Predictions vary, but interest rates are set to stabilise in 2024

The RBA's moves, led by its boss Michele Bullock, are being watched closely by economists.

The RBA's moves, led by its boss Michele Bullock, are being watched closely by economists. Photo: Getty

Rapidly rising interest rates strained many household budgets this year, but economists are predicting conditions will stabilise – or even ease – in 2024.

Commonwealth Bank chief economist Stephen Halmarick said this year’s rising interest rates may achieve the Reserve Bank of Australia’s (RBA) goal of a “soft landing” by slowing the economy without pushing it into recession.

Although there is no immediate cost-of-living relief in sight, he said the Australian economy is in “relatively good shape” and inflation is slowing down.

The bank expects the RBA will lower the cash rate by 75 basis points in the second half of 2024, starting in September.

An additional decrease of 75 basis points is expected in the second half of 2025, as inflation comes back into the RBA’s 2 to 3 per cent target range slightly earlier than the RBA is forecasting.

As of September, inflation sat at 5.4 per cent.

“CBA is forecasting the annual rate of inflation back at 3 per cent at the end of 2024, well ahead of the RBA’s current forecast and closer to the Commonwealth government’s latest forecast,” Halmarick said.

“We also expect the RBA to begin a modest monetary policy easing cycle from September 2024 onwards.”

Cash rate could remain stable instead of falling

Independent economist Saul Eslake took a moderate view of the year ahead, and told TND while he doesn’t expect the cash rate to rise in 2024, he doesn’t think it will fall either.

If inflation falls faster than the RBA has forecast, then cash rate cuts would be possible – but Eslake said it’s not likely inflation will fall that quickly, and he expects the cash rate will only start to fall in 2025.

There is also a small risk that the cash rate could rise if the next release of Consumer Price Index results show inflation is higher than expected, as occurred in November.

“I think inflation will be slower to come down here partly because of ongoing pressure on housing costs,” Eslake said.

“That is in turn driven by strong growth in population and slow growth in housing supply. And while population growth will probably slow a bit in 2024, I don’t think it’ll slow enough to cause house prices or rent inflation to slow [down].”

The RBA hasn’t raised interest rates as much as comparable central banks in other countries have done.

The US Federal Reserve interest rate is 5.25 to 5.5 per cent; the Bank of England’s bank rate is 5.25 per cent; the Reserve Bank of New Zealand’s cash rate is 5.5 per cent.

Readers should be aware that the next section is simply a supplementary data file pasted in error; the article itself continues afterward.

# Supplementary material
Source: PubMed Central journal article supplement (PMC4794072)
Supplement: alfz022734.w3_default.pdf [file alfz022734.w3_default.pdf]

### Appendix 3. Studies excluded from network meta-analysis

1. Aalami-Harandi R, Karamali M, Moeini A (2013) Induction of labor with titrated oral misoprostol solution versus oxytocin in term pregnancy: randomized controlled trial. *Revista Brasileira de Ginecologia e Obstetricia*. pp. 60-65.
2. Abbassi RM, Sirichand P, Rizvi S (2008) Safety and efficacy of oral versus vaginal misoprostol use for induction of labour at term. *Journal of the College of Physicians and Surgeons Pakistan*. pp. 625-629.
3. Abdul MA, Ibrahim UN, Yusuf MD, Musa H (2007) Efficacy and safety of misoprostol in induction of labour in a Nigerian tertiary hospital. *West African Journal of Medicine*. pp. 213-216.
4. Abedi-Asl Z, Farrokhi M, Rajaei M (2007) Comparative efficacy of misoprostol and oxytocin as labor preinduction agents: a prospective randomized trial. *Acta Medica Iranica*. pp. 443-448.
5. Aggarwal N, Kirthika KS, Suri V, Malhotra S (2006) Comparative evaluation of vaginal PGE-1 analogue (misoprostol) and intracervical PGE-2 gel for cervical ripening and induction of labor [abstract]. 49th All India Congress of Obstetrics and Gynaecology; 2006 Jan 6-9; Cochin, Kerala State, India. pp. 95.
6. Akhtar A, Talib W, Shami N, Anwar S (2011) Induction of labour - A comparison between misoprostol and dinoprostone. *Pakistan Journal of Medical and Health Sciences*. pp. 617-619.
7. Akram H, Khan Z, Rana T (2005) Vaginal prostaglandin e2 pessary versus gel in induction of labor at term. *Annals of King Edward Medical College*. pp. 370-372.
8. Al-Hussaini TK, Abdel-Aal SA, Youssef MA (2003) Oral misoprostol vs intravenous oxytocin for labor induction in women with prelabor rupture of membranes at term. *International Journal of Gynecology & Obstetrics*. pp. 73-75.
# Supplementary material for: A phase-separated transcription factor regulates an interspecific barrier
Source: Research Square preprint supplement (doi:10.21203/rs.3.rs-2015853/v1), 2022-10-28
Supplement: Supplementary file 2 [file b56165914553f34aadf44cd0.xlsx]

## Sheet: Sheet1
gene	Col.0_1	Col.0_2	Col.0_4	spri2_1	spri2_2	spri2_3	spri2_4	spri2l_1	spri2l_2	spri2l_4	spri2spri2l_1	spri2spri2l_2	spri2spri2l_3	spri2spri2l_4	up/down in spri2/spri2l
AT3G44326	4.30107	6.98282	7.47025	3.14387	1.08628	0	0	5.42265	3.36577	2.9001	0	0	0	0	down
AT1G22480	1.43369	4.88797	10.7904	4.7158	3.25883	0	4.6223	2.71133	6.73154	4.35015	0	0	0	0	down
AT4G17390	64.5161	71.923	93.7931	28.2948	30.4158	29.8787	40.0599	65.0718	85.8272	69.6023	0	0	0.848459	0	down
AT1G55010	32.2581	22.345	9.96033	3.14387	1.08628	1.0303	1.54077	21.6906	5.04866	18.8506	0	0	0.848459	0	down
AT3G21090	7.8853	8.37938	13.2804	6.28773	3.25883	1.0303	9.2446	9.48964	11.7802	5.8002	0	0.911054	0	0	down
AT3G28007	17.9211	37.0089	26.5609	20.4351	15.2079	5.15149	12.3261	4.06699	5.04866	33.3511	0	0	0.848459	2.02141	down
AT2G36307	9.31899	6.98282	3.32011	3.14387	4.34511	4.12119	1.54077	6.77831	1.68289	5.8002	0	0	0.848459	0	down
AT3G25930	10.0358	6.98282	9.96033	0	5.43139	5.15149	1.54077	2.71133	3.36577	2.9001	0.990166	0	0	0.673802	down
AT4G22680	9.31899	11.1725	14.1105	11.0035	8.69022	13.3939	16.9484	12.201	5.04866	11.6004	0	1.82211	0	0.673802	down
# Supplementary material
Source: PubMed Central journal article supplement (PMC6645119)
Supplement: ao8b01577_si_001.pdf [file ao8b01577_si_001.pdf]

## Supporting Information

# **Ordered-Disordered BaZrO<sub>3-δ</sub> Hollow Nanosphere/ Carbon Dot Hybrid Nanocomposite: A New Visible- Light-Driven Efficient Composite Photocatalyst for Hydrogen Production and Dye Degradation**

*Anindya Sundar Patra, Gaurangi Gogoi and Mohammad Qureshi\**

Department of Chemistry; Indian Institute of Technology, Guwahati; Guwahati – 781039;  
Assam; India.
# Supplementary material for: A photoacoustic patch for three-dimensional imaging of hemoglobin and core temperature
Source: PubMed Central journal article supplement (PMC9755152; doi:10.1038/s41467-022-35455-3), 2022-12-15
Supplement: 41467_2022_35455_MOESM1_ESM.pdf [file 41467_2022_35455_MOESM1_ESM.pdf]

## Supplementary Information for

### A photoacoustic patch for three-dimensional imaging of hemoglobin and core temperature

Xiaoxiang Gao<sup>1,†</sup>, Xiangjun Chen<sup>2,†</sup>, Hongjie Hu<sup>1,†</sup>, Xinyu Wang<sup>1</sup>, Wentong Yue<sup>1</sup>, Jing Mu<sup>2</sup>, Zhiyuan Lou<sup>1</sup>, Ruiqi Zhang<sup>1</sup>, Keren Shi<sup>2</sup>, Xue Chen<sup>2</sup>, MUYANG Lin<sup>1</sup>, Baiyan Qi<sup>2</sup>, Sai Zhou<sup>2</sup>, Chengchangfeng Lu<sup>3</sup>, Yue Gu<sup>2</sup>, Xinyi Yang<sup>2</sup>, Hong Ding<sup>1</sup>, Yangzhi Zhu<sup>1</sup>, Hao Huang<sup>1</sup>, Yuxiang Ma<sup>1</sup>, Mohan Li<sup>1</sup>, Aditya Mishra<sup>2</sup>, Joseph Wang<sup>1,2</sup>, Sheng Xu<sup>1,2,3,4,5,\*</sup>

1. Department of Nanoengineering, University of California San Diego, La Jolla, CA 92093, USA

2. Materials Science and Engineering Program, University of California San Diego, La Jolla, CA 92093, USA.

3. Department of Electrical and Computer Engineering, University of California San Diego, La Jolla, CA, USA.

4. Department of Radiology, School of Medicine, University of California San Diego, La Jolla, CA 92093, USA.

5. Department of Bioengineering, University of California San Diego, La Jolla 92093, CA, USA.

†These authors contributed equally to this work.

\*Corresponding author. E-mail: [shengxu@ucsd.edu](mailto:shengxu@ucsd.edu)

The RBA’s cash rate sits lower at 4.35 per cent, and a big hike is unlikely at this point even though inflation in Australia is higher than in the other countries listed, apart from New Zealand.

The RBA’s next cash rate decision will come on February 6.

“Our reserve bank has a slightly softer inflation target,” Eslake said.

“But in addition, I think they’ve made a conscious choice to tolerate inflation being a bit higher for longer than those other central banks in order to hang on to … the gains that have been made in reducing unemployment.”

Risk of rising inflation

Unexpected inflationary pressures could also arise in the coming months.

Some events that may already be driving up costs are attacks by Yemeni Houthi rebels on vessels in a crucial shipping channel which are forcing freight companies to sail longer routes at higher cost, as well as recent flooding in Queensland that may drive up fresh produce prices.

“The other thing to remember is that we are going to get a fiscal stimulus at the beginning of the September quarter in the form of stage-three tax cuts,” Eslake said.

“Yes, they’re skewed towards upper income earners who won’t spend every dollar that they get in those tax cuts. But nonetheless, people on incomes all the way down to $45,000 will get something.

“So I think it’s hard to imagine that the Reserve Bank would be doubling up on the fiscal stimulus by cutting interest rates when inflation is still likely to be well above their target.”

Higher unemployment doesn’t mean layoffs

Commonwealth Bank also forecasted that while employment growth will remain positive in 2024, the unemployment rate will move up to 4.5 per cent by the year’s end.

That unemployment rate forecast tracks with the RBA’s target.

But rising unemployment doesn’t necessarily mean mass layoffs await.

Eslake said it could signify employees working fewer hours, as well as limiting opportunities for newcomers to the job market, such as recent graduates and migrants.

“You need to look at hours worked and under-utilisation of workers; that is people who would like to work more hours if they could, but their employers aren’t asking them to,” he said.

“The second thing is … given the rate at which our population is growing, you need to create about 35,000 new jobs a month to stop the unemployment rate from going up.

“If you only create 20,000 new jobs a month, for example, then no one’s necessarily losing their job, but unemployment is going up because some people entering the workforce can’t find one.”

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